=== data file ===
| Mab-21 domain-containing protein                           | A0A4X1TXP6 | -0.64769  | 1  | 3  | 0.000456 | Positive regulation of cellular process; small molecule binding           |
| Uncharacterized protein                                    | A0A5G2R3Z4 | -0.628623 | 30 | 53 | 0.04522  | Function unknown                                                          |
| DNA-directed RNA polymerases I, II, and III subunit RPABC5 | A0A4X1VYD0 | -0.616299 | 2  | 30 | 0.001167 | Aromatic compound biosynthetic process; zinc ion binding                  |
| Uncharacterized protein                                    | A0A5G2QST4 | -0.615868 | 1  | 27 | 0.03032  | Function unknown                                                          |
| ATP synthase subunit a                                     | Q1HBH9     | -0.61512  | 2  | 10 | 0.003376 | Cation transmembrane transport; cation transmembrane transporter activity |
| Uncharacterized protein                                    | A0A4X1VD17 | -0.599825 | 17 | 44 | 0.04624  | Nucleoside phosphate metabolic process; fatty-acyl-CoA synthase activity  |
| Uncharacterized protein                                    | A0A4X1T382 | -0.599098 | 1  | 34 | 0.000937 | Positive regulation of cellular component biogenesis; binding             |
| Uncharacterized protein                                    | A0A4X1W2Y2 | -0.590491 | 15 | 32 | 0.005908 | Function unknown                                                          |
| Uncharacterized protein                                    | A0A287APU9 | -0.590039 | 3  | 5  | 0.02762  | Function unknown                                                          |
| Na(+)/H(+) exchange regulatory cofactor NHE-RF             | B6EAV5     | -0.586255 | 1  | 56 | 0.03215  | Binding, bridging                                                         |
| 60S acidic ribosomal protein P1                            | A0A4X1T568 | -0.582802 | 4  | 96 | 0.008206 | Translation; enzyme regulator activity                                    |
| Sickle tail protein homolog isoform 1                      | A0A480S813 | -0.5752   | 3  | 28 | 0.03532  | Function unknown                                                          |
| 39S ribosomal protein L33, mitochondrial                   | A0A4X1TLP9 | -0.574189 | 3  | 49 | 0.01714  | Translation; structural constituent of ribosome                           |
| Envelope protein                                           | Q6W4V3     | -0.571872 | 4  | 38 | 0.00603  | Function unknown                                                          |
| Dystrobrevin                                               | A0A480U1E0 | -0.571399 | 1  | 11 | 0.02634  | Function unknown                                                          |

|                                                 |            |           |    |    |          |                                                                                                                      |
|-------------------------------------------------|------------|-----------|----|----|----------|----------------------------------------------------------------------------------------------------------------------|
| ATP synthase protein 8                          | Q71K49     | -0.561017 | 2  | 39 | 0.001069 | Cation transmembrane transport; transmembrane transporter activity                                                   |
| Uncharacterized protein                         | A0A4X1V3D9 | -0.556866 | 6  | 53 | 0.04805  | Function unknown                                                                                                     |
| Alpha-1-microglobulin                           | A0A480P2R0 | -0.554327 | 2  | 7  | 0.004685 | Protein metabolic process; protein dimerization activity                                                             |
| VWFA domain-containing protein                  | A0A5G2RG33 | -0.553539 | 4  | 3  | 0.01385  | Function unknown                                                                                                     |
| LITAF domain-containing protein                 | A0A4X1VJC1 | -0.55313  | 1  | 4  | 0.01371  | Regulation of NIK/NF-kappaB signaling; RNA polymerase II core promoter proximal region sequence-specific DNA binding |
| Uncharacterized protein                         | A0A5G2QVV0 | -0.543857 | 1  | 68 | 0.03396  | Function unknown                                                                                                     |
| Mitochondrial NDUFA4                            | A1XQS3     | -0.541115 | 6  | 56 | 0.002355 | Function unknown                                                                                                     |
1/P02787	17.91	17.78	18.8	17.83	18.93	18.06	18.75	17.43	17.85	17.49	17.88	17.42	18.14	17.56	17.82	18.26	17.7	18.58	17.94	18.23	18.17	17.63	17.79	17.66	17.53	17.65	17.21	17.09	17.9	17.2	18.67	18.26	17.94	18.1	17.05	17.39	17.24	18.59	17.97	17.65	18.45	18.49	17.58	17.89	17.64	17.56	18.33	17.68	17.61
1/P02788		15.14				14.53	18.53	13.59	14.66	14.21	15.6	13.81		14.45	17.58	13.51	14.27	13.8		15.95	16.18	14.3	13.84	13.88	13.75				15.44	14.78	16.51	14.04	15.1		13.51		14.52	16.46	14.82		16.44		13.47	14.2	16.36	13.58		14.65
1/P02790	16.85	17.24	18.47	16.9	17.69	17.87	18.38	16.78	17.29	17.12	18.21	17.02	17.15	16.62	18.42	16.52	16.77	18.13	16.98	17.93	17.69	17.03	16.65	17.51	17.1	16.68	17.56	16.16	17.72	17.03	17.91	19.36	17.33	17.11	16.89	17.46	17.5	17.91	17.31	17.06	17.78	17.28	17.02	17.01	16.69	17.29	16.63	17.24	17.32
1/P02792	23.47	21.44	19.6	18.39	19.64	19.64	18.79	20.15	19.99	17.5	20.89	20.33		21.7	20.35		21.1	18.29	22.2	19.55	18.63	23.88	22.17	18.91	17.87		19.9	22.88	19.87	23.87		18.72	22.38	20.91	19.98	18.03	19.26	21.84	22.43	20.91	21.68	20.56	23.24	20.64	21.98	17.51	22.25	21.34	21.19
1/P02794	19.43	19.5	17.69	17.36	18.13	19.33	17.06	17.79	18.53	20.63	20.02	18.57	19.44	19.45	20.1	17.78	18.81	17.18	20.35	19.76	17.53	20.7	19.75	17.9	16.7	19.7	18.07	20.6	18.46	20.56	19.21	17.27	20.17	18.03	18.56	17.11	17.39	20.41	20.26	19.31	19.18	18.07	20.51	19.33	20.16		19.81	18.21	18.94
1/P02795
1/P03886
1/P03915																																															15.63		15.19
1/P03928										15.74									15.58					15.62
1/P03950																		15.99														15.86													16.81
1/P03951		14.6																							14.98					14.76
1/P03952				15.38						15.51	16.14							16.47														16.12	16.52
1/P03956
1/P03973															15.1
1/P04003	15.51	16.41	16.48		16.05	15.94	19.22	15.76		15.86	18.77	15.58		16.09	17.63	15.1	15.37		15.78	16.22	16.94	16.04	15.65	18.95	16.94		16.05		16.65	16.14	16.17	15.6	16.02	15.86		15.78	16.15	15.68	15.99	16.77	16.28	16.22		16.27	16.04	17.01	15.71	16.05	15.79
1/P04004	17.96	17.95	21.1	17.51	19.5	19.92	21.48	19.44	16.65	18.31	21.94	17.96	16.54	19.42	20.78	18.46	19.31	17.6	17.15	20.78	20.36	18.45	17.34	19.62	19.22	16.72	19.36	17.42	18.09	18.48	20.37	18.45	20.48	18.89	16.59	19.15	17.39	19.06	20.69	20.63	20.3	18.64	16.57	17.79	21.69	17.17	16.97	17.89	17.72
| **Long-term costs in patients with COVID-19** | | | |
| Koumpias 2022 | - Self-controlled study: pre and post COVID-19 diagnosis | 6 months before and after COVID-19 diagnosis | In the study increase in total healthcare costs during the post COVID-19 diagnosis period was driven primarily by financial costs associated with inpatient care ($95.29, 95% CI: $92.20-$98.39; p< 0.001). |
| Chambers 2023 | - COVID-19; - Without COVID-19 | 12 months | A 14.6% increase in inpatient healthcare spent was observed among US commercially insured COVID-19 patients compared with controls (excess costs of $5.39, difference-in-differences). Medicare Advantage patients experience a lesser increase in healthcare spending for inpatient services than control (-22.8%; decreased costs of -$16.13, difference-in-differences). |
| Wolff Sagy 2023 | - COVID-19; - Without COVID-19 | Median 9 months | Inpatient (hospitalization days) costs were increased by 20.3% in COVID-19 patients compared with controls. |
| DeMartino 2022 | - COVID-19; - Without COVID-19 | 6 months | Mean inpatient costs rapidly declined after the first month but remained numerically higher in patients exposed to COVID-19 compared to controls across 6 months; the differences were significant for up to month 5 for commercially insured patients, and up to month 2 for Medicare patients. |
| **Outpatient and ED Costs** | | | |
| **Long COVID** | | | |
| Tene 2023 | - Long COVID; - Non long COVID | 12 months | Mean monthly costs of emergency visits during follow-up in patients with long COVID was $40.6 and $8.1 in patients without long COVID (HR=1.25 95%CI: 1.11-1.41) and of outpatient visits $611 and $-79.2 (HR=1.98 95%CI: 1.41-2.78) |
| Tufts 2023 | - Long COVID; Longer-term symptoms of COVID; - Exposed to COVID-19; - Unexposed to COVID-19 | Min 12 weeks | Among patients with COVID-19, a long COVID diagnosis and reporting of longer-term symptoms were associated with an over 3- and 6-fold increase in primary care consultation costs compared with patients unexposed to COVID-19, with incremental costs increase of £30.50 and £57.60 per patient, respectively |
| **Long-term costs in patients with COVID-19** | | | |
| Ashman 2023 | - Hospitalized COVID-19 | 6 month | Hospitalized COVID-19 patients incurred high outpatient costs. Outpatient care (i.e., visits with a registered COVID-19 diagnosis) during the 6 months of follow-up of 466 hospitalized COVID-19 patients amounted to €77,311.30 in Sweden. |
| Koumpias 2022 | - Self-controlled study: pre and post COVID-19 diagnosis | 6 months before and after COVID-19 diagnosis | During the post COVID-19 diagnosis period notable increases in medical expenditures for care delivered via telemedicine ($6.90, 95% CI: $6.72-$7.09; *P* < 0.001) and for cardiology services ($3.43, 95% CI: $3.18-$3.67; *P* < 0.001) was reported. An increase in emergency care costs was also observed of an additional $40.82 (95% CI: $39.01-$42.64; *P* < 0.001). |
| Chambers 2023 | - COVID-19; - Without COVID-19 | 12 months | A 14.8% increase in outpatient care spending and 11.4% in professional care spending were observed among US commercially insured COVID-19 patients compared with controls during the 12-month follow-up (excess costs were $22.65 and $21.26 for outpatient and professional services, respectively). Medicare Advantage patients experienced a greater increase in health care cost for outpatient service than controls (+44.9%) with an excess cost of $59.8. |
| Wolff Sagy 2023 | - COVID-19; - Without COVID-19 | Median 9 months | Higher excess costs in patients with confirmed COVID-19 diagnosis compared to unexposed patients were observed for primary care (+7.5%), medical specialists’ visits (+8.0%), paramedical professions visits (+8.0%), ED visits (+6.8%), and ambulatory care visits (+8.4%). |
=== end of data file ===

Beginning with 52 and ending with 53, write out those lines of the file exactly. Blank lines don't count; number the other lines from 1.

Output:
| Koumpias 2022 | - Self-controlled study: pre and post COVID-19 diagnosis | 6 months before and after COVID-19 diagnosis | During the post COVID-19 diagnosis period notable increases in medical expenditures for care delivered via telemedicine ($6.90, 95% CI: $6.72-$7.09; *P* < 0.001) and for cardiology services ($3.43, 95% CI: $3.18-$3.67; *P* < 0.001) was reported. An increase in emergency care costs was also observed of an additional $40.82 (95% CI: $39.01-$42.64; *P* < 0.001). |
| Chambers 2023 | - COVID-19; - Without COVID-19 | 12 months | A 14.8% increase in outpatient care spending and 11.4% in professional care spending were observed among US commercially insured COVID-19 patients compared with controls during the 12-month follow-up (excess costs were $22.65 and $21.26 for outpatient and professional services, respectively). Medicare Advantage patients experienced a greater increase in health care cost for outpatient service than controls (+44.9%) with an excess cost of $59.8. |